Jun 052017

Risk-taking As An Entrepreneur – Are You Free Soloing?

How do you view the risk-taking that you do as an entrepreneur?

Do you feel like it is “all you” and any mistake you make could cost you your business and your financial future? Or, do you feel as though you’ve hedged your most important risks and built a support system that would act as a safety net to help you get through the inevitable mistakes that happen?

Yesterday, news surfaced that Alex Honnold had accomplished one of the greatest – and some would say most risky – climbing feats in history. He did a “free solo” climb of the almost 3,000-foot granite wall know as “El Capitan” in Yosemite National Park, in just under four hours! Free soloing means that he did the climb without the support of ropes or other climbing safety devices and without the help of other climbers.

It was just him, his climbing shoes and a bag of chalk hanging from his waste to help keep his hands dry.

How is that for risk-taking?

To the uninitiated, and to those unaware of the incredible climbing prowess and other free solo feats of Alex Honnold, such an accomplishment would sound unfathomable. Never mind the fact that it’s hard to wrap your head around someone having the physical ability to accomplish such a climb, but what about the nerves and fear that must creep into someone’s mind when they’re a couple thousand feet above the ground, climbing a granite rock face, with no safety gear?

Wouldn’t such a situation cause the mind to get caught in an endless loop of the worse-case scenario and freeze up like a late 80’s PC?

In Alex Honnold’s case, at least, the fear did not paralyze him and he was able to continue all the way to the top and accomplish a goal he’s had since he was a child. For him, the focus was not on risk-taking. Rather, the focus was on what he needed to do to reach his goal and accomplish perhaps (probably) the greatest feat climbing has ever seen and likely will ever see.

So, how did he control his thoughts and fears and how does such risk-taking map to what we as entrepreneurs have to navigate on an ongoing basis?

First, you have to say that on the surface, it’s difficult to compare the two, because unlike Alex Honnold’s free solo conquest of El Capitan, our activities on a daily basis as entrepreneurs are rarely, if ever, life or death. If we make a mistake as entrepreneurs, it’s unlikely that we will suffer the unforgiving nature of the laws of gravity, as Alex surely would.

Second, in our role as entrepreneurs, it’s unusual that we’ll be in a circumstance where we even figuratively speaking we have no safety net in place. Usually, in our risk-taking as entrepreneurs, we design hedges and other safety valves in our financial, operational and marketing activities that allow us to avoid ‘bet the company’ decisions. This is not always true, of course, and sometimes through lack of planning or just simple bad luck, crises arrive or other situations occur that can put a company out of business. But, it’s rare that we consciously say, I’m going to bet the company on this decision, and in order to make it more challenging and more interesting, I’m going to purposely avoid hedging my bets, which is what Alex did with his free solo of “El Cap” and many other challenging rock faces previously.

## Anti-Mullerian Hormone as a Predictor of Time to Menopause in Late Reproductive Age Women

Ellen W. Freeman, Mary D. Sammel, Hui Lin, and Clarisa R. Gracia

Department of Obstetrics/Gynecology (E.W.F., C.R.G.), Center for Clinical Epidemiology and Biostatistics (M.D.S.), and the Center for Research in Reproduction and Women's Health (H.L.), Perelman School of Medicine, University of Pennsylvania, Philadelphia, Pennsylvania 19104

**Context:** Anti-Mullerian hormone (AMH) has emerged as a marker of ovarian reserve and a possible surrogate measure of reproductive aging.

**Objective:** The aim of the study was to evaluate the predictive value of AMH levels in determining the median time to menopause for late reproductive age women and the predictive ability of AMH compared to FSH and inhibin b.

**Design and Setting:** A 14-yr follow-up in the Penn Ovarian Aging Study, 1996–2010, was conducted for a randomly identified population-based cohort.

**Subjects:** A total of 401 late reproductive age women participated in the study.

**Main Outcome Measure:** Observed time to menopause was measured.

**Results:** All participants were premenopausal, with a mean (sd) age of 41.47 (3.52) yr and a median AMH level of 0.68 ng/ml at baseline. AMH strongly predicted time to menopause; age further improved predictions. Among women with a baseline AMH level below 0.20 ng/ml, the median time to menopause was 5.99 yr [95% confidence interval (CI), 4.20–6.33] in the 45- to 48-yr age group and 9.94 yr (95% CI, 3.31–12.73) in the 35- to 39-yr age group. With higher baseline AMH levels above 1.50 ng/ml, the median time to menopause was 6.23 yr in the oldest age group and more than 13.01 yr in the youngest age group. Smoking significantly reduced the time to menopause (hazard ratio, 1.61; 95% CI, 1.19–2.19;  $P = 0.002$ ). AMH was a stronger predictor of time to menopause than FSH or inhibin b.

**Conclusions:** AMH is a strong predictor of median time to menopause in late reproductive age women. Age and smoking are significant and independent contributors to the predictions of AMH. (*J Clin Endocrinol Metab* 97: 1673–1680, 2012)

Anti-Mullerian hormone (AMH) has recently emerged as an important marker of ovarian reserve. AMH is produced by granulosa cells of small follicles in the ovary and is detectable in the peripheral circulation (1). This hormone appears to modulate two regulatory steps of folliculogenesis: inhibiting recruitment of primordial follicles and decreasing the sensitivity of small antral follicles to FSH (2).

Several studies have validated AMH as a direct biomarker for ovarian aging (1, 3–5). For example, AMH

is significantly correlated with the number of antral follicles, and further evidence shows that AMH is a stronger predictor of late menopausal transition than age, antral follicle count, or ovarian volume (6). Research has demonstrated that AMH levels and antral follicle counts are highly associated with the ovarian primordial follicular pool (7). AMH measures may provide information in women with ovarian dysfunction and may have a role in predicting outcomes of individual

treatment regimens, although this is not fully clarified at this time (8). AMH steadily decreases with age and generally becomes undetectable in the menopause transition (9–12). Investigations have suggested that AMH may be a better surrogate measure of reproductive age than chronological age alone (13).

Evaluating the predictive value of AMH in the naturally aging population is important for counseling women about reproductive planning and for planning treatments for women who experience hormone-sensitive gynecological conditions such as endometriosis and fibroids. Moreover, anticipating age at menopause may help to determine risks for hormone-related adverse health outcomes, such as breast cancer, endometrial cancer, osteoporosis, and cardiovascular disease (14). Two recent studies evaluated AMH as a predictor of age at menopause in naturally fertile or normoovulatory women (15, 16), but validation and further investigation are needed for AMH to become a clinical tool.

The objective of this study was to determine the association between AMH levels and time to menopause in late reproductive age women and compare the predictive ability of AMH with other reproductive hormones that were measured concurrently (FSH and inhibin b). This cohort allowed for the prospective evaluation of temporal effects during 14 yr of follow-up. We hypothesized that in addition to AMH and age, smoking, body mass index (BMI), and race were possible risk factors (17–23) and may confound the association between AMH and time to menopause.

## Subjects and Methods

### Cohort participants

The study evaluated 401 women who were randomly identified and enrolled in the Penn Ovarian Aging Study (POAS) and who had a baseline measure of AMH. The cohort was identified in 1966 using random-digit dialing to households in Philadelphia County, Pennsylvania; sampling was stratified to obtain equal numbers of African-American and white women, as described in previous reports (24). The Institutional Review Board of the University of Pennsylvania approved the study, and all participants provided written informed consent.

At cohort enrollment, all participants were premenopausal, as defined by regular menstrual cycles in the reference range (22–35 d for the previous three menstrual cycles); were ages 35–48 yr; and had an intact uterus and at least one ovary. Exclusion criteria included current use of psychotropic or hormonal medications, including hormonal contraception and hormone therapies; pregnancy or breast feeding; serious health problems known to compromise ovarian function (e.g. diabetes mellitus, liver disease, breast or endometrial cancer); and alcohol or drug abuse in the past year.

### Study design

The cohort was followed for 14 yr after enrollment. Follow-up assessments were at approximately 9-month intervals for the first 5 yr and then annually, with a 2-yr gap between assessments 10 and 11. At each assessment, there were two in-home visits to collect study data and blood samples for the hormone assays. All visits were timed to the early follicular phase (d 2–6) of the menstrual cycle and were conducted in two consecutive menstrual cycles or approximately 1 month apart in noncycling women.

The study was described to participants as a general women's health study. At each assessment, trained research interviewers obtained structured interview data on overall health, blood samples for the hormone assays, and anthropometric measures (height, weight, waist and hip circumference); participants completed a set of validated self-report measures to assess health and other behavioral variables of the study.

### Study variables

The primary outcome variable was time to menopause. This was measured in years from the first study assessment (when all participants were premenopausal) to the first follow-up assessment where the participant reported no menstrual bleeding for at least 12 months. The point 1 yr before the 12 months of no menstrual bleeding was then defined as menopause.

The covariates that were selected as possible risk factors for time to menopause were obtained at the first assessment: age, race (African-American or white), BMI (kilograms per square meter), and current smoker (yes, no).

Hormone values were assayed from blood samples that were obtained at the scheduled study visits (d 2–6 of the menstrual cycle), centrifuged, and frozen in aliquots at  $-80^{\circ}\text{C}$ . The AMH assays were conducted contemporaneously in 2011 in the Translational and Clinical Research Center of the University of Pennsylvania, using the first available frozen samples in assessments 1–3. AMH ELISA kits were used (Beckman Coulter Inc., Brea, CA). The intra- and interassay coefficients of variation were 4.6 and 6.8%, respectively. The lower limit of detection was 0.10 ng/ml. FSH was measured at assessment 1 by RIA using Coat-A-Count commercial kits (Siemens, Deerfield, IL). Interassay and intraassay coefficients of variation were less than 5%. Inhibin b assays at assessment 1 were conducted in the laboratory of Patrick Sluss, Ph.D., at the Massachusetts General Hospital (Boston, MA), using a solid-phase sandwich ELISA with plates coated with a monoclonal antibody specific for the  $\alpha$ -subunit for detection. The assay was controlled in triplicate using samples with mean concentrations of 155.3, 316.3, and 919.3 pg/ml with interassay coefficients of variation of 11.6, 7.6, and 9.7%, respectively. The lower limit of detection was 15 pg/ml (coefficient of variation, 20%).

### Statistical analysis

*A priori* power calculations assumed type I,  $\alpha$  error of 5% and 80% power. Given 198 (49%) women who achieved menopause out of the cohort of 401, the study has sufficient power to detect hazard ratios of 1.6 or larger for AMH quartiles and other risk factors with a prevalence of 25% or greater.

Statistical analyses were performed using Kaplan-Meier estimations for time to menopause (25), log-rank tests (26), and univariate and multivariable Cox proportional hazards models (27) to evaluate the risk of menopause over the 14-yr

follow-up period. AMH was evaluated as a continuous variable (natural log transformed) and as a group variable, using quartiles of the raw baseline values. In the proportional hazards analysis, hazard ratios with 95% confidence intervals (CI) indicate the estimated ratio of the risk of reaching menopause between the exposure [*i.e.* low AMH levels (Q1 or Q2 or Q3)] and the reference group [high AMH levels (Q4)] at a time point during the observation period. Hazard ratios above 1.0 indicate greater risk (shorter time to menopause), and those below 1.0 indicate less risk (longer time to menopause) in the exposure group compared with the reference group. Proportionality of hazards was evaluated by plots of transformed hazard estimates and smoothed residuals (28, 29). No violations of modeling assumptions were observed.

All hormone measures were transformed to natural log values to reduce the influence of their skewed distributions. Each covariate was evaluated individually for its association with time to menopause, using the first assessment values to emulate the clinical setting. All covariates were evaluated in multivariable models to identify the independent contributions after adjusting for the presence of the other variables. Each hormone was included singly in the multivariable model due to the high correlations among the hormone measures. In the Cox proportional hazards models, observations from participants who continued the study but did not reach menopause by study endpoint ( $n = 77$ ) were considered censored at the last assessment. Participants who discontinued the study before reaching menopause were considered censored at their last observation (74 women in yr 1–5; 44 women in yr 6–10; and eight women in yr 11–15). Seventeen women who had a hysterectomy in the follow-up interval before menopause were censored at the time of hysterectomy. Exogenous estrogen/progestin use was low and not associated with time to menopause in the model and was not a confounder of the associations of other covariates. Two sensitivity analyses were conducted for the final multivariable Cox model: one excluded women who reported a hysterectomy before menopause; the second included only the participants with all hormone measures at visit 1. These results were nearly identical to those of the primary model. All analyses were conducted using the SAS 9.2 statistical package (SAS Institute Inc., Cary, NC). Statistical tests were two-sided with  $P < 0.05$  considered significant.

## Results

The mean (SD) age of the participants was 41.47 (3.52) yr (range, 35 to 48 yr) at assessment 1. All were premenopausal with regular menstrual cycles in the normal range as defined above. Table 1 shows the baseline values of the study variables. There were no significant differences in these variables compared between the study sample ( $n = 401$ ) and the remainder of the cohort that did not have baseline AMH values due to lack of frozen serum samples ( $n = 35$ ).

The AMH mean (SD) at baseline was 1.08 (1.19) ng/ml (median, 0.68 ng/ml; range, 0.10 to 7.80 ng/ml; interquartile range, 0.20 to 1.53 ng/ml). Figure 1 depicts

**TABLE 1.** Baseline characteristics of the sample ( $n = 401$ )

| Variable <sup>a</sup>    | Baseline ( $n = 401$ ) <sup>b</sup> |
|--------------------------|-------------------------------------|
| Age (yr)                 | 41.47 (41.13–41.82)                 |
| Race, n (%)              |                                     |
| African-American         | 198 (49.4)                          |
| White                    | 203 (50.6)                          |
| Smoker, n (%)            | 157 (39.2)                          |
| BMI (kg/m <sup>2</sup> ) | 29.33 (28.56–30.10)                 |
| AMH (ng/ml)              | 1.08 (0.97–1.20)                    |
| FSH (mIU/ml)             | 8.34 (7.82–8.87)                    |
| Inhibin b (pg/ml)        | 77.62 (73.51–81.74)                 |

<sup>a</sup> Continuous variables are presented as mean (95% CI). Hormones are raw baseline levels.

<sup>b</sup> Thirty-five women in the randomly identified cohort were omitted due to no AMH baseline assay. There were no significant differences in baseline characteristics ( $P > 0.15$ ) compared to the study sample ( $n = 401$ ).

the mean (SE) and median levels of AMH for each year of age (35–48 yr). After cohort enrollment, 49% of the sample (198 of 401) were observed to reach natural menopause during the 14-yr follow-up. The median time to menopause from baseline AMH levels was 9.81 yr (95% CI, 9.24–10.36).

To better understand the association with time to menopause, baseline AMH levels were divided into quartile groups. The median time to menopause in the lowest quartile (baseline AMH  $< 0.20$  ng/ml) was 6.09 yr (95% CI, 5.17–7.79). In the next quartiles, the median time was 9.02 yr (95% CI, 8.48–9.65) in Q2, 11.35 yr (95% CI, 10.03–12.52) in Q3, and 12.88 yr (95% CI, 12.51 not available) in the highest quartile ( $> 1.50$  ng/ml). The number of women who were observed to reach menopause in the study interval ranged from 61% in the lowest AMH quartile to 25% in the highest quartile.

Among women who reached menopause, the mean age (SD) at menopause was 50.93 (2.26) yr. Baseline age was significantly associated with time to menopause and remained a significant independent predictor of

Third, in addition to putting hedges in place, we usually have a strong support network that we build up over time as entrepreneurs and call on as needed when issues arise. If we don’t have such a network in place, we’re typically aware we should and work to build one over time.

So, if we’re typically not operating completely without a net in our risk-taking as entrepreneurs, as Alex does in his free solo climbing conquests, how is what he does relevant to us as entrepreneurs?

Alex’s free solo climbs speak to a few things that are paramount to being successful as entrepreneurs: 1.) Being committed to what we’re doing, to the point where (figuratively, at least) we’d put our life on the line to reach our goals; 2.) Being prepared, so that we maximize our chances of success, even if what we’re trying to accomplish seems crazy to others; and 3.) Being focused exclusively on the task at hand, not allowing outside distractions to dilute our efforts as we strive to realize the vision that we have for our lives and our entrepreneurial ventures.

In terms of being committed, Alex Honnold has proven time and again that he is willing to put his life on the line to reach his free solo climbing goals. He doesn’t just talk about going out there and doing these climbs that heretofore were considered impossible. He goes out there and makes it happen. How committed are you to doing whatever it takes to make your entrepreneurial endeavor(s) succeed?